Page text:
Hi there! Deirdre here...
Recently I have become really excited about doing traditional crafts, particularly sewing, knitting, crocheting. I often find myself perusing the internet for photos and information on knitting, yarn sources, hand made clothing on etsy, super cute DIY home decor, etc. I started to feel frustrated that I was just dreaming of doing these and was never actually starting to just do them! (I could easily imagine myself still just looking at others' work in a year!!)
So about a week ago I actually went to the arts and crafts store and bought yarn, knitting needles, very basic sewing stuff, and some twine and cute mini clothes pins for a craft project I'd been wanting to do for ages. It felt so good to begin turning my dreams into fruition. Instead of sitting on the couch with my phone in the evening looking at others' stuff, I am sitting on the couch beginning to crochet! I am committing to crocheting for at least a few minutes every day. My goal is to be able to knit and crochet hats, headwarmers, and Christmas stockings. (In my family growing up, my mom knit a stocking for each one of the kids and I always wanted to do the same thing.)
As well as beginning to crochet, I also sewed felt hats for our flower fairy Halloween costumes and have been mending some clothes... very basic stuff but you have to start somewhere! My goal for sewing is to make basic baby clothes, headbands, and especially adorable baby bonnets (with Liberty of London calico).
I hope one day to be able to raise sheep for wool, learn how to spin, and do the whole process from wool to clothes but for now it feels so good to be beginning to connect with generations of other women for whom these were every day important tasks!
Max here... remember this post from back in March?
I don't think we've posted anything about the orchard since that original post, but we still have it, and have been working up there for the last 8 months. And now, we are exactly one week away from our first harvest!! We've been waiting for this moment for a long time!
This is a very different kind of farming than what we are used to, and the next 1-2 months are going to be extremely busy harvesting, hauling, milling, bottling labeling, and then pruning the whole orchard shortly after that! I've never had to deal with more than a truckload of produce at once, now we are going to be hauling tons (literally!) of olives from the orchard to the mill.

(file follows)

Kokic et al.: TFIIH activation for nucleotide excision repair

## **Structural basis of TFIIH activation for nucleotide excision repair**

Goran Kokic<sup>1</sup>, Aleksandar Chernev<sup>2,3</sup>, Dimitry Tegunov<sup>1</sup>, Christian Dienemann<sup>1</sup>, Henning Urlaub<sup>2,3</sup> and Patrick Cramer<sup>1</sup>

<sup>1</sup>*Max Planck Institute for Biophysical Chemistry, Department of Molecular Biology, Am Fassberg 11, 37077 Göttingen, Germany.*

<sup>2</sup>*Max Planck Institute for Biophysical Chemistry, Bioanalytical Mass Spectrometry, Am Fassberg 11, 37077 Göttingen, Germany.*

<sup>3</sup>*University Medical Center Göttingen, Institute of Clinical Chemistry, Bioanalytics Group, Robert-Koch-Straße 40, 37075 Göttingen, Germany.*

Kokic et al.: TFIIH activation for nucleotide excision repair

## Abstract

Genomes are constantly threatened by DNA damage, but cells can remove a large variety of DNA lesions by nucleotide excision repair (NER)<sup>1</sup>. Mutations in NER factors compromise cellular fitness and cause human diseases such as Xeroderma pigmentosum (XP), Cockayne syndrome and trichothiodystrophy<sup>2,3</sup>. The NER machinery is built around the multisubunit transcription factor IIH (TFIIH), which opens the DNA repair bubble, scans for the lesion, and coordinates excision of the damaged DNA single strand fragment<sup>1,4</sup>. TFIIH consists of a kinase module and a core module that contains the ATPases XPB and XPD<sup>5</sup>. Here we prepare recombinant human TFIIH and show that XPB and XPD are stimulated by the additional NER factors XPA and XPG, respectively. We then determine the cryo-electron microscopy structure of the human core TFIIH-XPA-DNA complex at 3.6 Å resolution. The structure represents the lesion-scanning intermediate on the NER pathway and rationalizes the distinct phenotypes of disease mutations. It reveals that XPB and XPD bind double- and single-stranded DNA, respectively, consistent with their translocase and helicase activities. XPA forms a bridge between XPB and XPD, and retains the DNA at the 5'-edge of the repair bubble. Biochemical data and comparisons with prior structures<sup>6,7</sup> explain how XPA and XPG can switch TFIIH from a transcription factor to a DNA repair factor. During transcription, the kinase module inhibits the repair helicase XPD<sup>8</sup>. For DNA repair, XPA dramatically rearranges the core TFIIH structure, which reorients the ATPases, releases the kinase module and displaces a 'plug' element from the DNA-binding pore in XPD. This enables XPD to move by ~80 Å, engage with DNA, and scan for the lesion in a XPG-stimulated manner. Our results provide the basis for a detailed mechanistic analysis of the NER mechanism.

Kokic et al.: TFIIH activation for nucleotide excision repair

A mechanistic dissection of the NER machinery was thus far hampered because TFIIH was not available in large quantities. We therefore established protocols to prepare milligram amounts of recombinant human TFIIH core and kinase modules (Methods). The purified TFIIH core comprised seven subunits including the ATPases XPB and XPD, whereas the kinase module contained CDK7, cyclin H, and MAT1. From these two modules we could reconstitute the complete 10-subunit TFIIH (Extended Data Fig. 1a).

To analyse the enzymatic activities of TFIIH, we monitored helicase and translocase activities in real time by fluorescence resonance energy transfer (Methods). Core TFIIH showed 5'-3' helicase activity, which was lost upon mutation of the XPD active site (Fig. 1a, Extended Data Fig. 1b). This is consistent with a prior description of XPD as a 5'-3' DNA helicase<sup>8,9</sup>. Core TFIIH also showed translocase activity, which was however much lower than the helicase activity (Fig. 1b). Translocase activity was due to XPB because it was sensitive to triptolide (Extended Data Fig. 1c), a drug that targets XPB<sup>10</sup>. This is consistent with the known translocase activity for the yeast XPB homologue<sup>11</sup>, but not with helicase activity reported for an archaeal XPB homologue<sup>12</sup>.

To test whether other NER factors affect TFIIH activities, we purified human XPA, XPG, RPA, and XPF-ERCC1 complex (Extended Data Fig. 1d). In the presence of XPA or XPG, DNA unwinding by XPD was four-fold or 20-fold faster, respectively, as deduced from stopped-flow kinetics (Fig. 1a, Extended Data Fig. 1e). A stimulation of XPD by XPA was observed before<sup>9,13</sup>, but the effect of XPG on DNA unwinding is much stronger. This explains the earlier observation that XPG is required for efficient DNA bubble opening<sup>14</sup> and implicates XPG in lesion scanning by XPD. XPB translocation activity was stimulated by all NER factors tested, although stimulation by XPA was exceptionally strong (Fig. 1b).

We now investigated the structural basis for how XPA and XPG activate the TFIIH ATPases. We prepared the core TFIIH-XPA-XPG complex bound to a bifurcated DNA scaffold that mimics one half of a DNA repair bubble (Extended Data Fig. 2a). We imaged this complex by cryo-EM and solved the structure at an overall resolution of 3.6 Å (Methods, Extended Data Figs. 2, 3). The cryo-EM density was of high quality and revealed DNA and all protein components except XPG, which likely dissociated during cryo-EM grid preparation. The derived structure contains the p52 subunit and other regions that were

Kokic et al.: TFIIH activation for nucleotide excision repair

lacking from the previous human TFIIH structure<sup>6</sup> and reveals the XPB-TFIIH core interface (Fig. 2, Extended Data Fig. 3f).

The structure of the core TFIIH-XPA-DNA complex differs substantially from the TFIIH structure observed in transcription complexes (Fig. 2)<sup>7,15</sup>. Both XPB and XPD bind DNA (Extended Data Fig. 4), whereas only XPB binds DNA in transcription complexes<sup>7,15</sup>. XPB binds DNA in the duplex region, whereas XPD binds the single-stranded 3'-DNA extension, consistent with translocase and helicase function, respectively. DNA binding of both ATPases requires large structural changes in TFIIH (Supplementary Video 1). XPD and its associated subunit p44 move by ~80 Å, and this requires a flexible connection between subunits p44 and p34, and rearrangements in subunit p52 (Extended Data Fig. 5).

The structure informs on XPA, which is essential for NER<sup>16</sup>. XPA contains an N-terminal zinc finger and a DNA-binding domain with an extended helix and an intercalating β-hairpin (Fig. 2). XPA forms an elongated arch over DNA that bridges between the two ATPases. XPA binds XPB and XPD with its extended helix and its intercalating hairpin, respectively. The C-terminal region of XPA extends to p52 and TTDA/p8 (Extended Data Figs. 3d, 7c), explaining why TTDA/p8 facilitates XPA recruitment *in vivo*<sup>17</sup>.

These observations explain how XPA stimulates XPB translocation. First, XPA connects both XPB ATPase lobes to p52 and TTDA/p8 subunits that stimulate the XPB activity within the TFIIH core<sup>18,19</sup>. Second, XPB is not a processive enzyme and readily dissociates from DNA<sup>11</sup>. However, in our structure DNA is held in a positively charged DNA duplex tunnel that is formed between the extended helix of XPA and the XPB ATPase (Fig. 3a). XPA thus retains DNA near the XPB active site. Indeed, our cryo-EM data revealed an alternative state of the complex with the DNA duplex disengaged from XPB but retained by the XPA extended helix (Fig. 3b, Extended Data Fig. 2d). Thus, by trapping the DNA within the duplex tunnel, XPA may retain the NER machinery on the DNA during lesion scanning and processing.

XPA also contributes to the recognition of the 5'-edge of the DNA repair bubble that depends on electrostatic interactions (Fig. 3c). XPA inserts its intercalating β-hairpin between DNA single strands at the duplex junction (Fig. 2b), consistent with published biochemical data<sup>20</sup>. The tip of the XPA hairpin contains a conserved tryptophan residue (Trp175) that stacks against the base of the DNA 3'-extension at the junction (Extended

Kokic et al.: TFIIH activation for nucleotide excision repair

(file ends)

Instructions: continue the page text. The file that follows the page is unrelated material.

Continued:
A combination of good luck and diligent care has won us a large crop this year, and almost all our 825 trees are loaded with olives. They are varying sizes, and a small number of trees are ripe now, with the majority ripening around Thanksgiving and early December. Our harvest next Sunday will harvest only the small portion that is ripe now, and we will be able to get a feel for the whole process, and press a small batch of oil before harvesting starts in earnest in about a month.
Needless to say, the concept of having gallons and gallons of prime cold-pressed, local extra virgin olive oil is exhilarating! But I guess we shouldn't count our bottles before their pressed... stay tuned, the anticipation is building!
Hi Folks, Max writing. As the weather finally begins to cool off here, our summer crops are winding down. Siobhan and Declan enjoyed picking some of the last tomatoes from the vines in front of our house, and we are saving the best ones to sell, and making tomato sauce out of the rest of them. We're also picking the last of our eggplant and basil, and it looks like the zucchini will hang on for a bit longer. We did a much later planting of zucchini -- it was a gamble, but it has stayed warm enough and it is paying off now!
One big change for us going into the fall is that for the first time, we are having a wholesale nursery 40 minutes down the road start our fall/winter crops for us. Up until now, we have grown all our own transplant starts ourselves, with varying levels of success. Even when all goes well, it is one more thing to do around the farm, and we are delighted to be paying the nursery $13 per flat of plants, and they show up to our farm in perfect condition. I no longer have to drive out to farm 2x per day including weekends (plants don't stop needing water on the weekend!) just to water the transplants. I simply supply the seeds to the nursery, and then leave them in the hands of professionals, who have the perfect greenhouse setup, and then I pick them up when they are ready. It's been a huge time saver for us, AND we now have increased yields because of high transplant quality.